Updated 11/24/11, original article published 11/23/11
The holiday movie season is upon us. Thanksgiving is one of the biggest times for people to go to the theater in the United States since most of us have a four-day weekend (excluding, among others, those who are forced to work in retail thanks to Black Friday sales). It’s no surprise that the Wednesday before our national holiday has several major releases vying for our well-earned dollars.
Scheduling when movies are to be released is a tricky thing. Studios have spent in some cases hundreds of millions of dollars on a film, plus much more on marketing, and gamble on the money they will make back. If it is released at the wrong time, say during a season where people tend to stay at home, then the movie stands a good chance of failure. There’s also the issue of competition. Big “tent pole” movies are often scheduled a year or more prior to the release, sometimes even before the film is actually shot. There are only so many prime dates, so studios decide whether a film is a summer blockbuster or more suited for the holiday season (Thanksgiving through New Year)–or if it would be better to throw it into the no man’s land of September or February where there’s less competition.
Two big action adventures opening on the same day can be box office death for either or both of them. The average movie-goer probably won’t want to see two movies on the same weekend, so the audience will either choose one movie over the other or else split their vote resulting in lower than expected receipts for both motion pictures. If one major film already claims a weekend, the other studios will take their biggest hitters and try to fill in the remaining opening dates, unless they go on the attack and schedule the same weekend. In this case, it’s a showdown to see who blinks and reschedules. After all, in today’s market, the opening weekend is everything; it makes or breaks a movie.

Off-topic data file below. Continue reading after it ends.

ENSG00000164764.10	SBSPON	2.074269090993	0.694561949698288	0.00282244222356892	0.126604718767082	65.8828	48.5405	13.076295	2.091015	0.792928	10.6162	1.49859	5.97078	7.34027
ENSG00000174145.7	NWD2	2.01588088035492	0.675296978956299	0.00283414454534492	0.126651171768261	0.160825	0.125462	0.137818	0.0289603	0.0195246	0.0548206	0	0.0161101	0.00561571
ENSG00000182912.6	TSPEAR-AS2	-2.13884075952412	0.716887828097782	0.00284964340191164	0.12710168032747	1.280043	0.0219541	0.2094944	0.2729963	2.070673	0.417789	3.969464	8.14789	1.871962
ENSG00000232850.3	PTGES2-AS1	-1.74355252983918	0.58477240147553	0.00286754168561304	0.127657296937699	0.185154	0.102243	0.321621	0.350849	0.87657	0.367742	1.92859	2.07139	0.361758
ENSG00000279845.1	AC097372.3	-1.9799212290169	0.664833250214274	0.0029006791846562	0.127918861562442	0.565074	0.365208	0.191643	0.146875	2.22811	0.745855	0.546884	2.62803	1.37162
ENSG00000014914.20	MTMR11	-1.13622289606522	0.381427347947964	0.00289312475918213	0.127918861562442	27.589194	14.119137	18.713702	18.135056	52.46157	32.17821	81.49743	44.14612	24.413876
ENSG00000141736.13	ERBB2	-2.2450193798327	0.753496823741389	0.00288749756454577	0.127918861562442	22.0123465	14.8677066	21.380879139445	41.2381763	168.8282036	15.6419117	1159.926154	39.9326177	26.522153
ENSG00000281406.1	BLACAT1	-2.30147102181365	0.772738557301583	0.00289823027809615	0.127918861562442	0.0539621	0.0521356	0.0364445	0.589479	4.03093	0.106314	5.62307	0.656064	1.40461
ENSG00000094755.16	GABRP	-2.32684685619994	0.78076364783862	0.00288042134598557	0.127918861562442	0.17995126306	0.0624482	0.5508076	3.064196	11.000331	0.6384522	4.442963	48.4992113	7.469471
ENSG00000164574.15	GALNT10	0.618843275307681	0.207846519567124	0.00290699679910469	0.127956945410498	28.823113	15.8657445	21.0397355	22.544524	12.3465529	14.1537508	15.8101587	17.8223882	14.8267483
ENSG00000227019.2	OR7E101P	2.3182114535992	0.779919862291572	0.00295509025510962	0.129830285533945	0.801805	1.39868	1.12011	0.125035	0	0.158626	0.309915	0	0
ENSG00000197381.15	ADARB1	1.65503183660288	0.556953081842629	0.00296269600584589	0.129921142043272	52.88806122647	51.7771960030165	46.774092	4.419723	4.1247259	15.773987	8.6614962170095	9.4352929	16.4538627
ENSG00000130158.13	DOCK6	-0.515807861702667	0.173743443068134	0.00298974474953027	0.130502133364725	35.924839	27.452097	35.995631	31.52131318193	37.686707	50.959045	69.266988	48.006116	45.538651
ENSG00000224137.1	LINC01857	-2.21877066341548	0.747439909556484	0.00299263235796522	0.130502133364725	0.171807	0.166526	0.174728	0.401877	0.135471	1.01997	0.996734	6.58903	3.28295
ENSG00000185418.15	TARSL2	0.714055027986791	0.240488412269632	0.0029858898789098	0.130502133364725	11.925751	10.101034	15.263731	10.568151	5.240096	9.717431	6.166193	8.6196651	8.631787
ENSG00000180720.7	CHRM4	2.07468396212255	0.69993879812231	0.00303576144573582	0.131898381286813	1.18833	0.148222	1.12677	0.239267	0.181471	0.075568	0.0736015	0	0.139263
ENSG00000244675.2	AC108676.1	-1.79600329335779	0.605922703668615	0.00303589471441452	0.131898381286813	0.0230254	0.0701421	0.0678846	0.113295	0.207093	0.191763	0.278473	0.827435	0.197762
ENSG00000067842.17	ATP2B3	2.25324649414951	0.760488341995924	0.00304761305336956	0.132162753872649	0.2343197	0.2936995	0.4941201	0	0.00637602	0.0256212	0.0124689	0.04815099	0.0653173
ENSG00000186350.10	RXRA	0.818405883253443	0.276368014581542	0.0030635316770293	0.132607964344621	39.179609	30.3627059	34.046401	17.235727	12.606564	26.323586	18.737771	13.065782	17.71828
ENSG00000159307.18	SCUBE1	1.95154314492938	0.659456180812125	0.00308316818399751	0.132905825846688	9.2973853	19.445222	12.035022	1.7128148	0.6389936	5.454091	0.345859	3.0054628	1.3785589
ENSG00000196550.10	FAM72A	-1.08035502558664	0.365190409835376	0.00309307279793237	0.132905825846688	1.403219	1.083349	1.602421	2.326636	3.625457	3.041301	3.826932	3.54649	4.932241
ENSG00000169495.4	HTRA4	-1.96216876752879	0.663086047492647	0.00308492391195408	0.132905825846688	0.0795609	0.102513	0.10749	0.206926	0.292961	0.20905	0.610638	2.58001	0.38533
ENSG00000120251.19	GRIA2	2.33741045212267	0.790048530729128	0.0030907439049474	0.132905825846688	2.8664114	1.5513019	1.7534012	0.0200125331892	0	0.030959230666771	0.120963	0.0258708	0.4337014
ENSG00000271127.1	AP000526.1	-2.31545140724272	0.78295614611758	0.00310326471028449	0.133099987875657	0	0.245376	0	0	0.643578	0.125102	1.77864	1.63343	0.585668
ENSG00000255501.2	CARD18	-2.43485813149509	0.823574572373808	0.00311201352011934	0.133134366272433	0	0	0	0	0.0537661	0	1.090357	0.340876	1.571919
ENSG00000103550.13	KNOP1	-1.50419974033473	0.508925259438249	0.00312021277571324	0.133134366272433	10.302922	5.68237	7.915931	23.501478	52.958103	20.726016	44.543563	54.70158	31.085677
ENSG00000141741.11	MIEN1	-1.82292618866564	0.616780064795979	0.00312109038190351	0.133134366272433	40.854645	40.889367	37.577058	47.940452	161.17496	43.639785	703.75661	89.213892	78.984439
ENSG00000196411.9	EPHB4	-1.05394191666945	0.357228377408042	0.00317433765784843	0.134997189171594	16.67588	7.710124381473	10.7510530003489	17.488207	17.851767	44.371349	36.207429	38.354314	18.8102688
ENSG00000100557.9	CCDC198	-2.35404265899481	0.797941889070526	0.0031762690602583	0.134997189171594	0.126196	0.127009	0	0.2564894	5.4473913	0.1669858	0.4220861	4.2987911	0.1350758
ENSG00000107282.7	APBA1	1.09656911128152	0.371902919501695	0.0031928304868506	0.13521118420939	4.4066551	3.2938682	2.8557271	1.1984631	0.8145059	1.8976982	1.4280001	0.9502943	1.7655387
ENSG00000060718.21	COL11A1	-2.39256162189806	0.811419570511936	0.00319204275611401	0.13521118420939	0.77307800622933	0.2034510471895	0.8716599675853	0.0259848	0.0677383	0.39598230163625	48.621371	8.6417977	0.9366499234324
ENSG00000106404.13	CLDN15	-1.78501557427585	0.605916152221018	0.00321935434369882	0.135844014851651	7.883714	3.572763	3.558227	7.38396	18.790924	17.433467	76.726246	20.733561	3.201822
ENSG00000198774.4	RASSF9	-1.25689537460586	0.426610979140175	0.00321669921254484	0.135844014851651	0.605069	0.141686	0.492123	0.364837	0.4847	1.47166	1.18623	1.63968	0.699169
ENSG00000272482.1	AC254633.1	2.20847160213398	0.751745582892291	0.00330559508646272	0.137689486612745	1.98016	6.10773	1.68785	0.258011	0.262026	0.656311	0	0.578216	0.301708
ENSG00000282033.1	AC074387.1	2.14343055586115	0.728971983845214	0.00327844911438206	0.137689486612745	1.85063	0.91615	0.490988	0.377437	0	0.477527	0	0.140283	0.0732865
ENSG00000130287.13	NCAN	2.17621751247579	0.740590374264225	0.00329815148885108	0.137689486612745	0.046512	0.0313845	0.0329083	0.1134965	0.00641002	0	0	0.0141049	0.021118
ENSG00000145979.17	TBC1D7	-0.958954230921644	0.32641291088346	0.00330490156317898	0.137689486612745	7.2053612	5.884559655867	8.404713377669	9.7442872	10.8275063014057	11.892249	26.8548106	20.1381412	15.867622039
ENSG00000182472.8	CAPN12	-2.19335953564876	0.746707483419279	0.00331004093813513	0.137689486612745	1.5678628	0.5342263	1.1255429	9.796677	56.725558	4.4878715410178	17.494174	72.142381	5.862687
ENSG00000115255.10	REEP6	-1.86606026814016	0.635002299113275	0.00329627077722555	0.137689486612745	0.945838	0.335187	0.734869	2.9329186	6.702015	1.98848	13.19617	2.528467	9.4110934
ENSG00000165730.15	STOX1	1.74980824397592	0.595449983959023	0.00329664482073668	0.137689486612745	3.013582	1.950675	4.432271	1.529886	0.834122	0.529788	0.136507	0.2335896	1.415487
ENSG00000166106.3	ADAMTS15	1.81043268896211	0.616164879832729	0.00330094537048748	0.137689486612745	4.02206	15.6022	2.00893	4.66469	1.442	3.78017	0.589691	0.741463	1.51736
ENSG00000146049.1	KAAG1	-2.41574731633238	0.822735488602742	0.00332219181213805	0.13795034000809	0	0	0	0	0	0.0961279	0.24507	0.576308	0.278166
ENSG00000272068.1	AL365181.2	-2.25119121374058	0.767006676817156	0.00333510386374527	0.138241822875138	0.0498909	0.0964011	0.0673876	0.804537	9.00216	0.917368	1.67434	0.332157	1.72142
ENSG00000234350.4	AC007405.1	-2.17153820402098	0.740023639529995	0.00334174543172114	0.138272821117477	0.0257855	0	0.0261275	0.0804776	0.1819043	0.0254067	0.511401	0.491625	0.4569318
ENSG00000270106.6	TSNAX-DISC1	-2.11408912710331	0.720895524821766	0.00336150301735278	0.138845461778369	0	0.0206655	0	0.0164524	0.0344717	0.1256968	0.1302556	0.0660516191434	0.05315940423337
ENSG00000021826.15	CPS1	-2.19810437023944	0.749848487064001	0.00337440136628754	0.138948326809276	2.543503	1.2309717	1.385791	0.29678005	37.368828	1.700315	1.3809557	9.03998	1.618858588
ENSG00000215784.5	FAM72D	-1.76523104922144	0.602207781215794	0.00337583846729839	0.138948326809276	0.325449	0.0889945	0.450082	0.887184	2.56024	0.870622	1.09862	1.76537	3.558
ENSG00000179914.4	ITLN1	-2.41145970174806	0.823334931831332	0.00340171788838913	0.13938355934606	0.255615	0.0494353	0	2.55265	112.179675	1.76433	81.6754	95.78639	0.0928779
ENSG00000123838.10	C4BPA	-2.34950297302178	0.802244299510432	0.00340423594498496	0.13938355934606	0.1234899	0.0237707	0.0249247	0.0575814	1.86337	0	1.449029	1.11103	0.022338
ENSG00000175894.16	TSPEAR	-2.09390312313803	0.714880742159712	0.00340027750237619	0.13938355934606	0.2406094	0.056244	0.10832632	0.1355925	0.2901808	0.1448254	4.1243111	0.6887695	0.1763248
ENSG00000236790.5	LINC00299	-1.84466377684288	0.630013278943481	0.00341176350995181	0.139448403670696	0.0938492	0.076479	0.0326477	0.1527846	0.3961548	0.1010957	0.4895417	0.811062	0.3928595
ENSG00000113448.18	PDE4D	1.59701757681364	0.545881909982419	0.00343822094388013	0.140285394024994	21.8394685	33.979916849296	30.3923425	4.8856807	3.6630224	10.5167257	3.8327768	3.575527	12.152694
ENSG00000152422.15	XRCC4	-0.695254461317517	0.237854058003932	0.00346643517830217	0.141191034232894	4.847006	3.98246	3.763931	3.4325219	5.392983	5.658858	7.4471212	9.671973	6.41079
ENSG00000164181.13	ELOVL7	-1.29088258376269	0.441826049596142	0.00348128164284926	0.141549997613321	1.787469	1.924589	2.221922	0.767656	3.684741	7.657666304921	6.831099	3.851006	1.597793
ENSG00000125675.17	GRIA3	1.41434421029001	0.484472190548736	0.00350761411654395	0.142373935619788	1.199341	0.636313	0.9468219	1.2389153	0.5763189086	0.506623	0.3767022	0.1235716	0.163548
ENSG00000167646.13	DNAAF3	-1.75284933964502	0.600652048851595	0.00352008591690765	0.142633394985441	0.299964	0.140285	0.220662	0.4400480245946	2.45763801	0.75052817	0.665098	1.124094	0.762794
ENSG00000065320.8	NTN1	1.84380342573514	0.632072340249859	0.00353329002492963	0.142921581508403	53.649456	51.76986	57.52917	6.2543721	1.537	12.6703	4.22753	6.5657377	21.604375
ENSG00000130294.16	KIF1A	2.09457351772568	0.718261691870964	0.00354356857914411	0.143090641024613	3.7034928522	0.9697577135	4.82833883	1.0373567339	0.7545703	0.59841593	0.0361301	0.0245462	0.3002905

This year sees the release of two movies directed by Steven Spielberg. While that’s not unusual (he tends to lump his movies together for some reason), usually he has a summer release and a holiday opener. This year, and War Horse are going to be released four days from each other, December 21 and 25 respectively. Originally they were going to be on the same day until Paramount and Columbia decided to move their animated adventure to the Wednesday before Christmas. Granted, these two movies probably will have different audiences, but given the beautiful cinematography of War Horse and the fact that it’s about a young man and a horse (looking like The Black Stallion with explosions), it may draw a family audience, which Tintin surely will garner.
Counter-programming makes sense. If a guy-centric adult drama like Moneyball is released on a particular weekend, it makes sense to open a family film like Dolphin Tale on the same day–parents can drop the kids off to see that movie and then go see the one that appeals to them. As it turned out, the 3D re-release of The Lion King was still going strong, so Dolphin Tale didn’t really hit its stride until the following weekend, thanks largely to good word of mouth and reviews. It’s no surprise that Moneyball and Dolphin Tale made virtually the same amount of money, given that they targeted different audiences and did not have to compete despite being in the theaters at the same time.
Which brings us to today, the day before Thanksgiving. Since kids are out of school until Monday, it makes sense that studios would try to entice them to come to the theater and buy tickets. Maybe they figure that over the course of four days, parents will be willing to send them out of the house repeatedly since they have scheduled three major kid-friendly movies opening on the same day: Hugo, The Muppets, and Arthur Christmas. Let’s not forget that Happy Feet Two came out this past weekend to confuse the issue more.